YES! Tanzania is home to some of Africa’s most famous national parks and natural attractions, including majestic Mount Kilimanjaro. Consequently, the most popular things to do in Tanzania and the reason many people visit the country, are the safaris and wildlife-related adventures.
Tourism is one of the cornerstones of Tanzania’s economy, contributing about 17.2% to the country’s gross domestic product and 25% of all foreign exchange revenues. The sector, which provides direct employment for more than 600,000 people, generated approximately $2.4 billion in 2018, government statistics show.
I usually advise at least 8 – 10 days to cover the Northern Circuit (Tarangire, Ngorongoro, Serengeti), if you want to visit other areas; Lake Victora, Mahale Mountains, Ruaha, Selous, Zanzibar then you can keep adding as many days as you like.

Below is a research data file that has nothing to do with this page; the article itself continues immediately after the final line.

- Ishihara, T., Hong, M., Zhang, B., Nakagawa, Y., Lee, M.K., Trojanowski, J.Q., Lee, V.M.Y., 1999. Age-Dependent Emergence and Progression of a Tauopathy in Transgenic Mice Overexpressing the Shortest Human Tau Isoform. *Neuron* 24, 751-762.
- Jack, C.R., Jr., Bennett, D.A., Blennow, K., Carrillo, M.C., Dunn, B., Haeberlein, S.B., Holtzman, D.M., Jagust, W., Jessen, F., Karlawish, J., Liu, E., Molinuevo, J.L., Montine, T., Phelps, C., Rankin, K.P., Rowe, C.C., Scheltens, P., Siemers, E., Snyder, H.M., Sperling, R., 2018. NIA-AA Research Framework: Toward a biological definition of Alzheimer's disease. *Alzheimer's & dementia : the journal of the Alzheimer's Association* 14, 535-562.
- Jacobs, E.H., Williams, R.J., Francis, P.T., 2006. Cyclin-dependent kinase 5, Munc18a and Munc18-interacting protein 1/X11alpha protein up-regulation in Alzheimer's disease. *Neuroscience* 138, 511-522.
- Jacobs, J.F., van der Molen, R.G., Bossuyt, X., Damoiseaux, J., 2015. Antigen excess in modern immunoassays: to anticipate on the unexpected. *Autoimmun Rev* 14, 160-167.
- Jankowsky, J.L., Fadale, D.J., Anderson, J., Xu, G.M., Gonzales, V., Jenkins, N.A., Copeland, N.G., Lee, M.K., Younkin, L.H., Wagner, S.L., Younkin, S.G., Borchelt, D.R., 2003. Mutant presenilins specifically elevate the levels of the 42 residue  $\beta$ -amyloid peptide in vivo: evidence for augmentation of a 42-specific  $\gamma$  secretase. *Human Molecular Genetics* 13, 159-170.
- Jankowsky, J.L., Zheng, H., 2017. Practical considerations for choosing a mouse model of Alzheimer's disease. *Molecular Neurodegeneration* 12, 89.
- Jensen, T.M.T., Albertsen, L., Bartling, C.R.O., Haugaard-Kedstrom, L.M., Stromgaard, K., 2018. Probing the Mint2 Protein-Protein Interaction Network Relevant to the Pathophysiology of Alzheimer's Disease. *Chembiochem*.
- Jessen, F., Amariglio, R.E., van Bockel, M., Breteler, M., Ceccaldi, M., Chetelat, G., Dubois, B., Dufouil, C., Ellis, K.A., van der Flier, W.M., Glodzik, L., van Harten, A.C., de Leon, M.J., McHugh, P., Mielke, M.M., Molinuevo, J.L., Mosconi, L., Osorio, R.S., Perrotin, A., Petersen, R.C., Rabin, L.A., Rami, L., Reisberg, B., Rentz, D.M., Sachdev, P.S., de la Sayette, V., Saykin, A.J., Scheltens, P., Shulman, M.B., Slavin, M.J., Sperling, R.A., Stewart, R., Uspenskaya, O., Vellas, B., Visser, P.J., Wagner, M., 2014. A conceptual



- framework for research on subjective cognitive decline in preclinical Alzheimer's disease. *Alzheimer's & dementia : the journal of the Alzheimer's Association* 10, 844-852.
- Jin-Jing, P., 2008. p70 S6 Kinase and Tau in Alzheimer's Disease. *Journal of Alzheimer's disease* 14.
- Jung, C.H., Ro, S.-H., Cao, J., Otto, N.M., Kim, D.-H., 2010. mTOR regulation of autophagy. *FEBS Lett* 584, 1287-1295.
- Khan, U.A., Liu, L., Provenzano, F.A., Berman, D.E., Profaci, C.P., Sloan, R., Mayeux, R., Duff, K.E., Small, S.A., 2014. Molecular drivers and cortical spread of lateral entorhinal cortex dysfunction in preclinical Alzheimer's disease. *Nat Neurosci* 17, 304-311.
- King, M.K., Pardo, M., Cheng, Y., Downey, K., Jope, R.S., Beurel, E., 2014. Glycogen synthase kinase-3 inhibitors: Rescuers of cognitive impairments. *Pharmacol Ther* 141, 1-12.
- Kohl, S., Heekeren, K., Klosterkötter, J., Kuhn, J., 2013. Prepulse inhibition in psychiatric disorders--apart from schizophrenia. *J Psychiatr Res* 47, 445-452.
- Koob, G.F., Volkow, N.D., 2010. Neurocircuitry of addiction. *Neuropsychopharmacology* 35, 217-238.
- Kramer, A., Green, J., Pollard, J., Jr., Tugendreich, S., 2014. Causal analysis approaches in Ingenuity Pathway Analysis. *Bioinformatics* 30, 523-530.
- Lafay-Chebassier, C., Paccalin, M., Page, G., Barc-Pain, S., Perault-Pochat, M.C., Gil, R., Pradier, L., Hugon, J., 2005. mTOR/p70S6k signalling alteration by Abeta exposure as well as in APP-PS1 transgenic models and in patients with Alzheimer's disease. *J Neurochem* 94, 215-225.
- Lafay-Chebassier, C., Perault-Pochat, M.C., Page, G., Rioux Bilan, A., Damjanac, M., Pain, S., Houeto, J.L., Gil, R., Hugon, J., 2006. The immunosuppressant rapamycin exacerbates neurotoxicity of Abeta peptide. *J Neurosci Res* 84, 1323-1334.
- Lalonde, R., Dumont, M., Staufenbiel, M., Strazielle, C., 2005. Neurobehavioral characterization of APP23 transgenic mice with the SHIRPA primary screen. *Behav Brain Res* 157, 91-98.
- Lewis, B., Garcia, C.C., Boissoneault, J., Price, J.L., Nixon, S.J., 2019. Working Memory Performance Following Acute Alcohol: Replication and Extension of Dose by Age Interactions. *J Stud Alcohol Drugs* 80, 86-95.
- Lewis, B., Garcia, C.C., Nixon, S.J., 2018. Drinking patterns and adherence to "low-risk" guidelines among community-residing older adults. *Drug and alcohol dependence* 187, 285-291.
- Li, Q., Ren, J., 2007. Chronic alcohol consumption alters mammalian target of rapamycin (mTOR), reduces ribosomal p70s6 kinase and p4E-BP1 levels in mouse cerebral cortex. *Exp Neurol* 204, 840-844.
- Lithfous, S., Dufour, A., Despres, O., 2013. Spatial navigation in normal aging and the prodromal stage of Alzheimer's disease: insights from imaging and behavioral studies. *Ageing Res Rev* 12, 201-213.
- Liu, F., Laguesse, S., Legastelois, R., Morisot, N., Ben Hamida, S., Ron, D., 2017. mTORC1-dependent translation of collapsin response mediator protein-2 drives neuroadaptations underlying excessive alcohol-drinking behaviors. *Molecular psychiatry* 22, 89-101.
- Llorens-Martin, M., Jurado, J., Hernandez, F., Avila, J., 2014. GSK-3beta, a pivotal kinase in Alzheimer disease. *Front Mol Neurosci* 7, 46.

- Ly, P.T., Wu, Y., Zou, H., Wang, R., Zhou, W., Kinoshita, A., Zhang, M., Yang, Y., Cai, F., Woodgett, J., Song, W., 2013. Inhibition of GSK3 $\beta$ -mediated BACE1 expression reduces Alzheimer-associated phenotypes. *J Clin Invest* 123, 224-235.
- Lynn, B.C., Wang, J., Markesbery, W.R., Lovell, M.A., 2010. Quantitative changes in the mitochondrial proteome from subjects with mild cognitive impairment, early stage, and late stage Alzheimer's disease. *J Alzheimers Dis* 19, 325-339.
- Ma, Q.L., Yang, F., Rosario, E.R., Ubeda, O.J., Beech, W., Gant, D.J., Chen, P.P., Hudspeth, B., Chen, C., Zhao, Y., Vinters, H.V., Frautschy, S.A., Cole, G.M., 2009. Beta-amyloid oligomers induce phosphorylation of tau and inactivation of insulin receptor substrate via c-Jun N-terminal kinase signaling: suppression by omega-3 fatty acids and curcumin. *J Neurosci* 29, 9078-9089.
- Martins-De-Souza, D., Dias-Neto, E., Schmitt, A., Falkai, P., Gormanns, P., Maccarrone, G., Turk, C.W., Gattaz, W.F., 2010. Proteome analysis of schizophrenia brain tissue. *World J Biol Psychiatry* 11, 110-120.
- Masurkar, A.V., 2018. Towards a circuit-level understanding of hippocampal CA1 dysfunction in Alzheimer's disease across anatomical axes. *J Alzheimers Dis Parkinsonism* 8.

Ugali is the most common staple food in Tanzania due to its ease of cooking and affordability. Maize flour and water is cooked slowly until it reaches a dough-like consistency, after which it’s left for a moment to set before being eaten.
Swahili and English are the main official languages. Vinually all Tanzanians speak Swahili today and Swahili has become an identity marker for Tanzanians. The use of Swahili has expanded so much that it is now replacing vernacular languages as the language of everyday interaction and is also replacing English as the languaJe of education and government.
You will require a passport valid for at least six months after your date of entry. If you are arriving from a country in which Yellow Fever is endemic (such as Kenya), you will require an immunization certificate or health card.
Citizens of the UK, the US, Canada, Australia, and most countries in the EU, need a tourist visa to enter Tanzania. Application details and forms can be found on Tanzanian Embassy web sites.